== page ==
Strand 7

Slides 56
Strands 5&6
25th August 2021
Slides 8
Strand 8
25th August 2021

Learning outcomes


  • Know about the value of scaffolding language


  • Be able to identify technical language
  • Be able to scaffold academic and technical language


  • Develop appropriate groupings for supporting focused scaffolding


Strand Overview

7a. Are everyday, technical and academic vocabulary and language structures (language form – the grammatical structure of words and phrases, as well as the word themselves) scaffolded to support comprehensible input? Within early years, has the specific vocabulary and language structures (both every day and technical as well as patterns of language) been considered in advance so that they can then be applied across a range of contexts to support understanding?
7b. Is the language function (what learners do with language as they engage with it, e.g. evaluate) scaffolded to support comprehensible input? Within early years, does the adult enable the learner to use the language that fulfills the function as well as comprehend their utterance?
7c. Are learners using new vocabulary in a variety of ways and moving it into their receptive repertoire? Within early years, are adults eliciting vocabulary and language structures in repetitive stories through sayings that help them comprehend, hear and repeat phrasing. Are there also joining-in opportunities that don’t rely on children having to understand everything adults say but still support their language learning e.g. rhymes, songs, block play. Additionally, ensuring outdoor play that allows for learners to engage with new vocabulary is valued.
7d. Are learners pre-learning vocabulary and language structures? Within early years, have learners had significant exposure to interactions with adults (in any language) and language rich environments.
7e. Are suitable teaching methods and strategies used to support learning vocabulary and language structures? (e.g. writing frames or substitution tables?) Within early years, are adults actively coaching language through expansion and extensions as well as grammatical recasting?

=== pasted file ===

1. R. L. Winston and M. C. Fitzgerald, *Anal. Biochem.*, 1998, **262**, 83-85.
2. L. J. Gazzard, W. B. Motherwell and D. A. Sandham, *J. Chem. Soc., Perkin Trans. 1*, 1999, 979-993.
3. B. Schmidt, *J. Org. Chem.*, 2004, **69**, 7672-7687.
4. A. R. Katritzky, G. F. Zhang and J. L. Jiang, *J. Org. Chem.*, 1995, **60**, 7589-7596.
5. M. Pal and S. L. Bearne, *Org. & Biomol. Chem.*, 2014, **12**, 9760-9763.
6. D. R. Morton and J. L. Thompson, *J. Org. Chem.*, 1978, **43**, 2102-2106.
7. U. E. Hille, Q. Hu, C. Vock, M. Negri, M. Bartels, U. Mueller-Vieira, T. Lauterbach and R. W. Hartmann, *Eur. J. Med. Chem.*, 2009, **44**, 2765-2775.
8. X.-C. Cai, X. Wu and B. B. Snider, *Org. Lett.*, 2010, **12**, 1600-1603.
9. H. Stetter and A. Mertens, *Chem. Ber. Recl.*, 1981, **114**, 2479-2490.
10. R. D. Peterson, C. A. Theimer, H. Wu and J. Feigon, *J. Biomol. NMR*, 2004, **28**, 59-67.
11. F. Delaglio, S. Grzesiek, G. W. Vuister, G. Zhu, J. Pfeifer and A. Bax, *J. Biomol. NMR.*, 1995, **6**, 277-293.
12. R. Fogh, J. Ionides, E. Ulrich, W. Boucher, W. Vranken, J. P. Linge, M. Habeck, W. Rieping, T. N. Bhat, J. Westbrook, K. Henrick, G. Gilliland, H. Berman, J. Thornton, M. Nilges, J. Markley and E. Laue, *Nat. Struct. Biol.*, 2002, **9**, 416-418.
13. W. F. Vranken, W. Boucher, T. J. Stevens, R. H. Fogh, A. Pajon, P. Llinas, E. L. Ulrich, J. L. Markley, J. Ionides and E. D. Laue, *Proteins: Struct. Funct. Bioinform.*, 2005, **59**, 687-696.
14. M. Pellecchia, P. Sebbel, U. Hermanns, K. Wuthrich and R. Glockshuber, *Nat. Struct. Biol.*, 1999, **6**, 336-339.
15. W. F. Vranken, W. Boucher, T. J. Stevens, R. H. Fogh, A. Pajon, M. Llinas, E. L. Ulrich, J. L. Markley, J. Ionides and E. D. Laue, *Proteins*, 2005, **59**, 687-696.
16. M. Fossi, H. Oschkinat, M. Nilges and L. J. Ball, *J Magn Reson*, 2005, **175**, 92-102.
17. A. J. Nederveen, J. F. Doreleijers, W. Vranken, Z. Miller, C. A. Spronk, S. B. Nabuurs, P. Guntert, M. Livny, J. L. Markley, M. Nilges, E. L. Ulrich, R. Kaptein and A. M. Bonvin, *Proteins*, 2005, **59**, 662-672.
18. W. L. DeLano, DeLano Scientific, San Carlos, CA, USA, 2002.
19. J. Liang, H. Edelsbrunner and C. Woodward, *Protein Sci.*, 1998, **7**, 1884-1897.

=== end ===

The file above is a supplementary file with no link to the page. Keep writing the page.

7f. Is there appropriate grouping for supporting focused scaffolding? Within early years, are there small-group opportunities for adults to provide additional or intensive focus on language? E.g. small group walk to the park, making play dough and mixing paint.


All resources are listed in the Shared Document for this strand and strand 7 of the Portal.


Slide 2 – Focused scaffolding – what is it? Why do we need it?

Although scaffolding should be integral to all learning, this Strand highlights its importance.

Gibbons outlines ‘designed scaffolding’ as follows:

  • “Programs build on students’ prior knowledge and their current language skills (both home language and their second language), while at the same time embracing new content and language goals
  • Clear and explicit program goals are shared with the students
  • Tasks are sequenced so that each task serves as the ‘building block’ for the subsequent task
  • A variety of organisational structures is used (pair work, group work, individual work, teacher-directed whole class work)
  • The curriculum is amplified not simplified: teachers use ‘message abundance’.”


Slide 3 – Are learners remembering new vocabulary?

“Cassels and Johnstone (1985) found that pupils had little understanding of important vocabulary (words like incident, component, random, negligible) and that this persisted throughout their school years. If they did not understand the word to start with, they still wouldn’t understand it several years later.

Why does this happen? It happens partly because we may not realise that children don’t know words that seem to us basic. Teachers may be aware that they need to teach subject-specific technical vocabulary, but not know they need to teach non-specialist vocabulary that recurs across learning contexts. We know from research, too, that teachers typically introduce a new word and explain it just once (Scott et al 2003), whereas children need to hear a word around 6 times (more if they have language difficulties) in a range of contexts that help them internalise its meaning, if they are to remember it.”
Gross, J. (2013) Time to Talk: Implementing outstanding practice in speech, language and communication, David Fulton: Oxon

The National Curriculum states that:

“Pupils’ acquisition and command of vocabulary are key to their learning and progress across the curriculum. Teachers should therefore develop vocabulary actively, building systematically on pupils’ current knowledge.”